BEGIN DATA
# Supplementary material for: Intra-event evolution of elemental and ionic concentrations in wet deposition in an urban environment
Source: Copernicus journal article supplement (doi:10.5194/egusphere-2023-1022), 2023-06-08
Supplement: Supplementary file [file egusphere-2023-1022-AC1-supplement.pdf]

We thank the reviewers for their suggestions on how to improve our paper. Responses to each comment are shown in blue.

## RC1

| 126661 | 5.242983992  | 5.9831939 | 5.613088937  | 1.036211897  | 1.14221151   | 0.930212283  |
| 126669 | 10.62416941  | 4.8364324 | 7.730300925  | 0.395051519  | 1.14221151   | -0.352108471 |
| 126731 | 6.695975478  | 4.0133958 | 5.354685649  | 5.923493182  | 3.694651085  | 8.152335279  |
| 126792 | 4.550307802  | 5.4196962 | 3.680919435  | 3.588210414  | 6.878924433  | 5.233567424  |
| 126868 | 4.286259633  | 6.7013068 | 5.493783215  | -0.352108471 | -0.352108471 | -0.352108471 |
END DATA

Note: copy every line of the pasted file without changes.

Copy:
# Supplementary material for: Intra-event evolution of elemental and ionic concentrations in wet deposition in an urban environment
Source: Copernicus journal article supplement (doi:10.5194/egusphere-2023-1022), 2023-06-08
Supplement: Supplementary file [file egusphere-2023-1022-AC1-supplement.pdf]

We thank the reviewers for their suggestions on how to improve our paper. Responses to each comment are shown in blue.

## RC1

| 126661 | 5.242983992  | 5.9831939 | 5.613088937  | 1.036211897  | 1.14221151   | 0.930212283  |
| 126669 | 10.62416941  | 4.8364324 | 7.730300925  | 0.395051519  | 1.14221151   | -0.352108471 |
| 126731 | 6.695975478  | 4.0133958 | 5.354685649  | 5.923493182  | 3.694651085  | 8.152335279  |
| 126792 | 4.550307802  | 5.4196962 | 3.680919435  | 3.588210414  | 6.878924433  | 5.233567424  |
| 126868 | 4.286259633  | 6.7013068 | 5.493783215  | -0.352108471 | -0.352108471 | -0.352108471 |